SOTW: AUSTIN AMBASSADOR AND PRINCESS
Shed schedules a British Leyland double bill
If we had offered you, the committed PHer, either one of these two beauties 15 years ago, you would have probably laughed in our face. Hard and loud. You still might be tempted to today. But at some point recently these cars hit a tipping point, where frankly crap has somehow become improbably cool.
We're not quite sure how or why this is. Perhaps it's because, of more than a quarter of a million Princesses and Ambassadors that were built, only a few hundred survive today. Or perhaps it's because of that God-awful phrase 'retro cool'. Whatever the reason, we like 'em, in all their naff, flawed glory. We hope you do too.
Here's a deeply odd fact about the Austin Princess that I didn't know until I found this Tahiti Blue one nestling on the internet (yours for £995): it isn't actually an Austin Princess.
Apparently, when the car was unleashed upon the public back in the summer of 1975, it was known as an Austin, Morris or Wolseley 18-22 series. By September that year, the Wolseley marque had been unceremoniously dumped, and Austin and Morris were effectively unified.
Thus, while you may technically talk about an Austin 18-22, or simply a 'Princess', there is no 'Austin Princess'. Unless you're talking about the chunky saloons of the 50s and 60s. Which we are most emphatically not.
But despite its brandless label, a parent company that was slowly disintegrating, and a reputation (whether well deserved or not) for quality and reliability issues, the Princess actually had quite a lot going for it.
Of course it shouldn't only be the searing performance that gets your juices flowing for this Shed, because it's got an MOT all the way until April 2012, has been owned by a car club member for the past three years, and has only amassed 69,000 miles in its 33-year life.
Tempted to say 'hello, Princess'? We know you must be, and if you're not, surely the only thing holding you back is the absence of a convenient and practical hatch, an issue solved by...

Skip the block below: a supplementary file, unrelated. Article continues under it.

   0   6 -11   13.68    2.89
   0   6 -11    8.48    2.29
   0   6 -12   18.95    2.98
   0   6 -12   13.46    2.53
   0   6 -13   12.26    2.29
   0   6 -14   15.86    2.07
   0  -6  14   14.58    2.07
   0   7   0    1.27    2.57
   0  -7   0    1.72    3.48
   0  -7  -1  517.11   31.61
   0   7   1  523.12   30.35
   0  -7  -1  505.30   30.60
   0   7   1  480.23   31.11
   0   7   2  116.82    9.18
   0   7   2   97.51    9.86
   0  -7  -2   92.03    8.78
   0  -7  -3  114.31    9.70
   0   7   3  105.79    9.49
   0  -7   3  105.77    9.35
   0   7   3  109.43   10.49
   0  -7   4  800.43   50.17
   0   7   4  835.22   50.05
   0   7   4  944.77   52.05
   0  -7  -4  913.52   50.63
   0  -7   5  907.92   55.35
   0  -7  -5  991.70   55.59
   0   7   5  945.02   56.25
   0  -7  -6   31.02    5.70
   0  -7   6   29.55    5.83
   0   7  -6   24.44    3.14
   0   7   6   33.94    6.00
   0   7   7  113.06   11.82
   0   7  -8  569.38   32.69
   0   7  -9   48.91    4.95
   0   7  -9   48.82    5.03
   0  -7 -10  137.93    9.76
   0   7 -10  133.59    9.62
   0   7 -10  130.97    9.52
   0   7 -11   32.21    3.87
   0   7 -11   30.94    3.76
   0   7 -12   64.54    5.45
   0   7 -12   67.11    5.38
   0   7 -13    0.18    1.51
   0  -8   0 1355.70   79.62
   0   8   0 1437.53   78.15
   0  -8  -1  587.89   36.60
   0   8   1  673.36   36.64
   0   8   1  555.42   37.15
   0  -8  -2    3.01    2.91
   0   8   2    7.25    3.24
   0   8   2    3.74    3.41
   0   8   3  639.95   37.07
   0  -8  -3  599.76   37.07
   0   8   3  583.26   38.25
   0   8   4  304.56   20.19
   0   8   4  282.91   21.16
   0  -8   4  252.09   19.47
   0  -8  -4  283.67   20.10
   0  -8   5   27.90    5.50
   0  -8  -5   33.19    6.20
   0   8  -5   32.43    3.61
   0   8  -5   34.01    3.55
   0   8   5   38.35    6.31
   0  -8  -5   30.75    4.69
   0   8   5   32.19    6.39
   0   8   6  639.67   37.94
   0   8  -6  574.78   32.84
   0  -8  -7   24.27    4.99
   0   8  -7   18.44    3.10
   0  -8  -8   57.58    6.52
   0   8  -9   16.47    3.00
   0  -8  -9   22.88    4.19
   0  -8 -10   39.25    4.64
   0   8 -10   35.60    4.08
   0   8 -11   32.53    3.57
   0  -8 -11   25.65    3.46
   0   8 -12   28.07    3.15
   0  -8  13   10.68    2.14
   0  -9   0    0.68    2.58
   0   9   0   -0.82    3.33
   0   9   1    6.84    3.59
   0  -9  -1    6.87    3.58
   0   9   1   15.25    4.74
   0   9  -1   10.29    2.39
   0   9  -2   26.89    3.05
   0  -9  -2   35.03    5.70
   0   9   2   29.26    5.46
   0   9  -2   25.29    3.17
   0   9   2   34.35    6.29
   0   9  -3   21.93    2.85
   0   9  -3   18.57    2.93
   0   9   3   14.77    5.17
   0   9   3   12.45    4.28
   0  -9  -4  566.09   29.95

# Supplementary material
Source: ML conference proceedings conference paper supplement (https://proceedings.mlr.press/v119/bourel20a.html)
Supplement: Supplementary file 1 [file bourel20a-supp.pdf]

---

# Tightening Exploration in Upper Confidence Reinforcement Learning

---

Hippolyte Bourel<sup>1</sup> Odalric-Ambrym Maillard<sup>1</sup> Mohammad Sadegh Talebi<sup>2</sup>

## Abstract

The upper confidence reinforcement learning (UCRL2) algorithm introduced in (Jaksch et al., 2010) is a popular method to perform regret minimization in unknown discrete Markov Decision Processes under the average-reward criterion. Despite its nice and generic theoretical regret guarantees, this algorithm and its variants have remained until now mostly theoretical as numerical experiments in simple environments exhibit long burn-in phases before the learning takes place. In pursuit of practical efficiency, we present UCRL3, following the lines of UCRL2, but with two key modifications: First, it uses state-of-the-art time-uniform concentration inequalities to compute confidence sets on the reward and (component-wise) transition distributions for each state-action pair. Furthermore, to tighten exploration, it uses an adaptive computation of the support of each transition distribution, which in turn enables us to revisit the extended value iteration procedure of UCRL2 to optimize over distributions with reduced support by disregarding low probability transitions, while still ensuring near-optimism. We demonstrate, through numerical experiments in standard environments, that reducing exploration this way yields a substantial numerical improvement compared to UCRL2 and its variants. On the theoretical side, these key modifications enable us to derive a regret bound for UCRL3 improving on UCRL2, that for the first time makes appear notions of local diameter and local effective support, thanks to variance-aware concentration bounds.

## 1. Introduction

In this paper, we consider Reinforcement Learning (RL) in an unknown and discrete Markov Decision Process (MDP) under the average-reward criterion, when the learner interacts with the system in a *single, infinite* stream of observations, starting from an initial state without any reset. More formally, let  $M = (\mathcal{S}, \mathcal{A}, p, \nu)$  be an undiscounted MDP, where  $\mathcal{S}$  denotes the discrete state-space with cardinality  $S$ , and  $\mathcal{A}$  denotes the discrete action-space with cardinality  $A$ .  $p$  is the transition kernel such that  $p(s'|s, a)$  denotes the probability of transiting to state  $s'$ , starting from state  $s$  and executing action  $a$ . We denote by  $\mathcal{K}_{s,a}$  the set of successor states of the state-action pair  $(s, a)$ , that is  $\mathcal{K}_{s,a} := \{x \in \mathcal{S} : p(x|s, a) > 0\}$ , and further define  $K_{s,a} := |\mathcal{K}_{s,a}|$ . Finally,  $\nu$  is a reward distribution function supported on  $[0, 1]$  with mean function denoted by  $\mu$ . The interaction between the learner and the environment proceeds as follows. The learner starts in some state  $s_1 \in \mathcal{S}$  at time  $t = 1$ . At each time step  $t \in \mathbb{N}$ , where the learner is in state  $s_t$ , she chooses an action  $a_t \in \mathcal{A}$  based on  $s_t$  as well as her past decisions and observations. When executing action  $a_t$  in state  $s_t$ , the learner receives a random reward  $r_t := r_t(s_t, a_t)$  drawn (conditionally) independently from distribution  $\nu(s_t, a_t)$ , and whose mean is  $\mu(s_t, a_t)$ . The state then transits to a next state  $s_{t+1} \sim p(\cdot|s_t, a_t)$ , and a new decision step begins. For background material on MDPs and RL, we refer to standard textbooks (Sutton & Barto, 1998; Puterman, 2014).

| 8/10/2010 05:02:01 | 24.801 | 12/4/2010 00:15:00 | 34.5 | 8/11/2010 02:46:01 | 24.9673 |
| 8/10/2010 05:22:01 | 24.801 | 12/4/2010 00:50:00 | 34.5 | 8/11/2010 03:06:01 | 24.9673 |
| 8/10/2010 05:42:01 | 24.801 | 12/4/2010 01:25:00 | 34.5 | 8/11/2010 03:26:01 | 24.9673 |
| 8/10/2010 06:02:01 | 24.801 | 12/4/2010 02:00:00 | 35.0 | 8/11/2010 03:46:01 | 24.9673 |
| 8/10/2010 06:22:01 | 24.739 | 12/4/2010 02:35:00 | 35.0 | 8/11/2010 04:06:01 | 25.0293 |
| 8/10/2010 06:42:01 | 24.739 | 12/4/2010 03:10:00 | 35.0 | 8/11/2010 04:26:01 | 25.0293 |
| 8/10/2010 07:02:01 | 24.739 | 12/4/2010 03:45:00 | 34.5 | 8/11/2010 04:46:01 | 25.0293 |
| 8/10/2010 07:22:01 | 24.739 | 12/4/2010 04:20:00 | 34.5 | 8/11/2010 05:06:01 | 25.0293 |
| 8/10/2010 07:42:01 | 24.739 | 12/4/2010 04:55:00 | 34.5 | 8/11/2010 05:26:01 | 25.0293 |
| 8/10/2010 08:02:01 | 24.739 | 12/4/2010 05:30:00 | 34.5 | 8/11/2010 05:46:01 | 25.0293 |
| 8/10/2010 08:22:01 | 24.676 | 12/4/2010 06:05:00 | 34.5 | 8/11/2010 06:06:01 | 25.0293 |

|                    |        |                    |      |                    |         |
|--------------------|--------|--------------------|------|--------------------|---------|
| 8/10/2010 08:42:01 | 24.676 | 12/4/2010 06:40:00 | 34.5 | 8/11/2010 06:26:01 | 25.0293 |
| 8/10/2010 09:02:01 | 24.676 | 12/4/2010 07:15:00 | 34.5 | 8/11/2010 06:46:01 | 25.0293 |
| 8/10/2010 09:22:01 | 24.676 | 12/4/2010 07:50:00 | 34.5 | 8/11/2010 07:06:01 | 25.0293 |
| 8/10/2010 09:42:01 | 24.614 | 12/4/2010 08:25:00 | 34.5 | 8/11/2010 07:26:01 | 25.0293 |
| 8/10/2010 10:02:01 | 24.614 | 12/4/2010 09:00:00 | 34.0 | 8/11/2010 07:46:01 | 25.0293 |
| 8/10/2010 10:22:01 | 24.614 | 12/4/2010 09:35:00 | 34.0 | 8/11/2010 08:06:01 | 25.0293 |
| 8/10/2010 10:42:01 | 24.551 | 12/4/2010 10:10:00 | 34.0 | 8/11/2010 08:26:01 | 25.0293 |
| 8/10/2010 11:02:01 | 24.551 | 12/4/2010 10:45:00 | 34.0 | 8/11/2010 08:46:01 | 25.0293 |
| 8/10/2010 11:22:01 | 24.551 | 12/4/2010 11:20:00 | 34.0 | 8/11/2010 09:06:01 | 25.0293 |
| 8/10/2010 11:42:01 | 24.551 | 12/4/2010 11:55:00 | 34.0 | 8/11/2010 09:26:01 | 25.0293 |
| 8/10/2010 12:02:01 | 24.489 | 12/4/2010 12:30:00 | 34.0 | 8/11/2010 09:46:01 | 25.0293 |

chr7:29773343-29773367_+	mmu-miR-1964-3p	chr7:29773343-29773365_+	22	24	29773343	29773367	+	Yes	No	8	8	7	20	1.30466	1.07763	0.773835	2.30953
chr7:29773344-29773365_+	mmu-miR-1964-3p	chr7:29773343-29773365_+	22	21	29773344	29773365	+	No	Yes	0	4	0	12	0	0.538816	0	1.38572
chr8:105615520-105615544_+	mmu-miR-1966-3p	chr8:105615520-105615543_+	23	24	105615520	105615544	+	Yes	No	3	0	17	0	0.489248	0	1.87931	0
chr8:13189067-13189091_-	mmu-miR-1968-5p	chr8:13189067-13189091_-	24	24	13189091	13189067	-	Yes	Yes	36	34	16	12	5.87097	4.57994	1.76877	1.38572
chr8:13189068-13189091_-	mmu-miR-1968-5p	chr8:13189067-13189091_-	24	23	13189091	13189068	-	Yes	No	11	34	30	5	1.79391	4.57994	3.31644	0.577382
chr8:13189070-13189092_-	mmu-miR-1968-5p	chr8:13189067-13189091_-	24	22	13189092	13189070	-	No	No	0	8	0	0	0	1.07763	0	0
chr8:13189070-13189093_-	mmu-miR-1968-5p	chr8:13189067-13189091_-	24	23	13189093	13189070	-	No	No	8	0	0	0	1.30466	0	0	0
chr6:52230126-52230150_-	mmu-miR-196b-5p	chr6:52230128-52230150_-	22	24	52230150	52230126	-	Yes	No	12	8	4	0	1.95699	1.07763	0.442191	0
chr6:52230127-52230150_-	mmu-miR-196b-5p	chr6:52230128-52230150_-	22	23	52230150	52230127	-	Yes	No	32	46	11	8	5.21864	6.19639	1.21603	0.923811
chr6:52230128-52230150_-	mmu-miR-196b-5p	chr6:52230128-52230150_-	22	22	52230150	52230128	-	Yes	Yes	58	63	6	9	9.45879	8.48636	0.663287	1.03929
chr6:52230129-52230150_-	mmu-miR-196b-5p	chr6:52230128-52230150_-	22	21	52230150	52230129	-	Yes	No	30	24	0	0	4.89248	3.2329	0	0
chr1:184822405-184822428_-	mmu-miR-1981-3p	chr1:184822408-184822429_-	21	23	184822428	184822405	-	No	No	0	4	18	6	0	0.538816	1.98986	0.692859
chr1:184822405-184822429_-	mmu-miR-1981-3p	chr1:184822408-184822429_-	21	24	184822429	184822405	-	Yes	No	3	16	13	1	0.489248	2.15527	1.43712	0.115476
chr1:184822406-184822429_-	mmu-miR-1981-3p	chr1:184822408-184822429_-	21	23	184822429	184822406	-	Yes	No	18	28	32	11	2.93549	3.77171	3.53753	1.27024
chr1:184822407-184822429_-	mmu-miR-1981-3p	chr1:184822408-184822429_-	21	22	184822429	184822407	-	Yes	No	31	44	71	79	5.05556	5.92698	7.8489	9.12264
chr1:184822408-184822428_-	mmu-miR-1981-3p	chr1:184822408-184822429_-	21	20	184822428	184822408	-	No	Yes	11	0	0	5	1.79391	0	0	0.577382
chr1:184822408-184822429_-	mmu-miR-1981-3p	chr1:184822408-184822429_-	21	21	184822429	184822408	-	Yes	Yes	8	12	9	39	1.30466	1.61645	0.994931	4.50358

...The Austin Ambassador:
The Ambassador also bore the odd distinction of being the only British Leyland model to be built solely in right-hand-drive form (we know, we're full of facts today).
This particular car is the top-end Vanden Plas model, which means you get the 2.0-litre twin-carb engine (you're impressed, we can see), crushed velour seats, velour headlining (Ambassador, with this velour you're really spoiling us), deep-pile carpet, tilt and slide/steel sunroof, chrome inset bumpers, alloy wheels, front fog lamps, rear head restraints and a radio/stereo cassette player.
Princess advert reproduced below
1978 Austin Princess 2200 HL For Sale
This is the rare Princess series 1 model in Tahiti blue (non-metallic) with dark blue cloth interior, good condition 2 inside and out. Automatic transmission, power steering. MoT until April 2012, taxed September 2011. Present owner for 3 years (club member)
Ambassador advert reproduced below
1983 Austin Ambassador Vanden Plas For Sale
Very nice car. No mot although has no faults that I know of. I have owned it for a couple of years but I am moving south and it can't come with me.
I have now got a full MOT on the car